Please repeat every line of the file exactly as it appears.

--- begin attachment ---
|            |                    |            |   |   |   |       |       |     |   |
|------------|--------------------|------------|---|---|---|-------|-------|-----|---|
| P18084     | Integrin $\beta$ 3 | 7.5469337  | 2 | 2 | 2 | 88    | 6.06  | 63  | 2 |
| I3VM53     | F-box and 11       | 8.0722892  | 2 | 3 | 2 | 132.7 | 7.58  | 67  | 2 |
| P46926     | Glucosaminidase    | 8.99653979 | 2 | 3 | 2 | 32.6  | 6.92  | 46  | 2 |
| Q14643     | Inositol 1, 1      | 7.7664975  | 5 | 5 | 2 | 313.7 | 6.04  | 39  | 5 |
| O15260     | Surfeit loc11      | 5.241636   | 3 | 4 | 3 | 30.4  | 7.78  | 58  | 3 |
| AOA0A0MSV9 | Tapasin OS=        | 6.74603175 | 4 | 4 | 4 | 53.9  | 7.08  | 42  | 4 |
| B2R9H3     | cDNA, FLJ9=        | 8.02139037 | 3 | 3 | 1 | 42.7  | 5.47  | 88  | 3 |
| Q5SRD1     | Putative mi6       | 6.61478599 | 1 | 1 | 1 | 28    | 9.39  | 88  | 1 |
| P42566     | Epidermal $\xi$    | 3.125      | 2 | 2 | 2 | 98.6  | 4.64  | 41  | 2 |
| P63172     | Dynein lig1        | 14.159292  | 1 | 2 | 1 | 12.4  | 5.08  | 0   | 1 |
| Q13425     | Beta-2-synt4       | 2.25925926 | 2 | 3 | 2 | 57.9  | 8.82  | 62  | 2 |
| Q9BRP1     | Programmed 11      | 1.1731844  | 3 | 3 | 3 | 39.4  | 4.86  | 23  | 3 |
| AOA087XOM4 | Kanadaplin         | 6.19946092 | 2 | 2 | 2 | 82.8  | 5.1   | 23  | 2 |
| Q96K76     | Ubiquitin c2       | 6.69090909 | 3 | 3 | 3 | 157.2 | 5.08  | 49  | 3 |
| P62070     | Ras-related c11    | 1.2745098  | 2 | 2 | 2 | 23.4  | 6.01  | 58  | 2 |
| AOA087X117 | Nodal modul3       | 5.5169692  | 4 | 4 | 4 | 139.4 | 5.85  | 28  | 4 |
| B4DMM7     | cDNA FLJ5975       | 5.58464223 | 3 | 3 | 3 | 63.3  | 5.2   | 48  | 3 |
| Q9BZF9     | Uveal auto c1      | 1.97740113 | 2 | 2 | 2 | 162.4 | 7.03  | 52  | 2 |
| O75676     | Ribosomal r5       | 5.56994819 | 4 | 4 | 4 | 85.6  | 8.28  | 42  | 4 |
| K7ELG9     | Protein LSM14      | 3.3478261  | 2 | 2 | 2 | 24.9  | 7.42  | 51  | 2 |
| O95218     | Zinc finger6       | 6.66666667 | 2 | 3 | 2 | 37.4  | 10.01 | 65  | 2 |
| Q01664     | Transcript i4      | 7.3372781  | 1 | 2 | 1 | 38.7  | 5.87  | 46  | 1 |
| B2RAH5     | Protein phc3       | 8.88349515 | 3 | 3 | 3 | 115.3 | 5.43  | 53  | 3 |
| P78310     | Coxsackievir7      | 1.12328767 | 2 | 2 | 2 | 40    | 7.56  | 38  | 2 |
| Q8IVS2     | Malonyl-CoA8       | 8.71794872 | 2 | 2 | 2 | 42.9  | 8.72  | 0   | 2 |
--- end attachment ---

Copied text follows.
|            |                    |            |   |   |   |       |       |     |   |
|------------|--------------------|------------|---|---|---|-------|-------|-----|---|
| P18084     | Integrin $\beta$ 3 | 7.5469337  | 2 | 2 | 2 | 88    | 6.06  | 63  | 2 |
| I3VM53     | F-box and 11       | 8.0722892  | 2 | 3 | 2 | 132.7 | 7.58  | 67  | 2 |
| P46926     | Glucosaminidase    | 8.99653979 | 2 | 3 | 2 | 32.6  | 6.92  | 46  | 2 |
| Q14643     | Inositol 1, 1      | 7.7664975  | 5 | 5 | 2 | 313.7 | 6.04  | 39  | 5 |
| O15260     | Surfeit loc11      | 5.241636   | 3 | 4 | 3 | 30.4  | 7.78  | 58  | 3 |
| AOA0A0MSV9 | Tapasin OS=        | 6.74603175 | 4 | 4 | 4 | 53.9  | 7.08  | 42  | 4 |
| B2R9H3     | cDNA, FLJ9=        | 8.02139037 | 3 | 3 | 1 | 42.7  | 5.47  | 88  | 3 |
| Q5SRD1     | Putative mi6       | 6.61478599 | 1 | 1 | 1 | 28    | 9.39  | 88  | 1 |
| P42566     | Epidermal $\xi$    | 3.125      | 2 | 2 | 2 | 98.6  | 4.64  | 41  | 2 |
| P63172     | Dynein lig1        | 14.159292  | 1 | 2 | 1 | 12.4  | 5.08  | 0   | 1 |
| Q13425     | Beta-2-synt4       | 2.25925926 | 2 | 3 | 2 | 57.9  | 8.82  | 62  | 2 |
| Q9BRP1     | Programmed 11      | 1.1731844  | 3 | 3 | 3 | 39.4  | 4.86  | 23  | 3 |
| AOA087XOM4 | Kanadaplin         | 6.19946092 | 2 | 2 | 2 | 82.8  | 5.1   | 23  | 2 |
| Q96K76     | Ubiquitin c2       | 6.69090909 | 3 | 3 | 3 | 157.2 | 5.08  | 49  | 3 |
| P62070     | Ras-related c11    | 1.2745098  | 2 | 2 | 2 | 23.4  | 6.01  | 58  | 2 |
| AOA087X117 | Nodal modul3       | 5.5169692  | 4 | 4 | 4 | 139.4 | 5.85  | 28  | 4 |
| B4DMM7     | cDNA FLJ5975       | 5.58464223 | 3 | 3 | 3 | 63.3  | 5.2   | 48  | 3 |
| Q9BZF9     | Uveal auto c1      | 1.97740113 | 2 | 2 | 2 | 162.4 | 7.03  | 52  | 2 |
| O75676     | Ribosomal r5       | 5.56994819 | 4 | 4 | 4 | 85.6  | 8.28  | 42  | 4 |
| K7ELG9     | Protein LSM14      | 3.3478261  | 2 | 2 | 2 | 24.9  | 7.42  | 51  | 2 |
| O95218     | Zinc finger6       | 6.66666667 | 2 | 3 | 2 | 37.4  | 10.01 | 65  | 2 |
| Q01664     | Transcript i4      | 7.3372781  | 1 | 2 | 1 | 38.7  | 5.87  | 46  | 1 |
| B2RAH5     | Protein phc3       | 8.88349515 | 3 | 3 | 3 | 115.3 | 5.43  | 53  | 3 |
| P78310     | Coxsackievir7      | 1.12328767 | 2 | 2 | 2 | 40    | 7.56  | 38  | 2 |
| Q8IVS2     | Malonyl-CoA8       | 8.71794872 | 2 | 2 | 2 | 42.9  | 8.72  | 0   | 2 |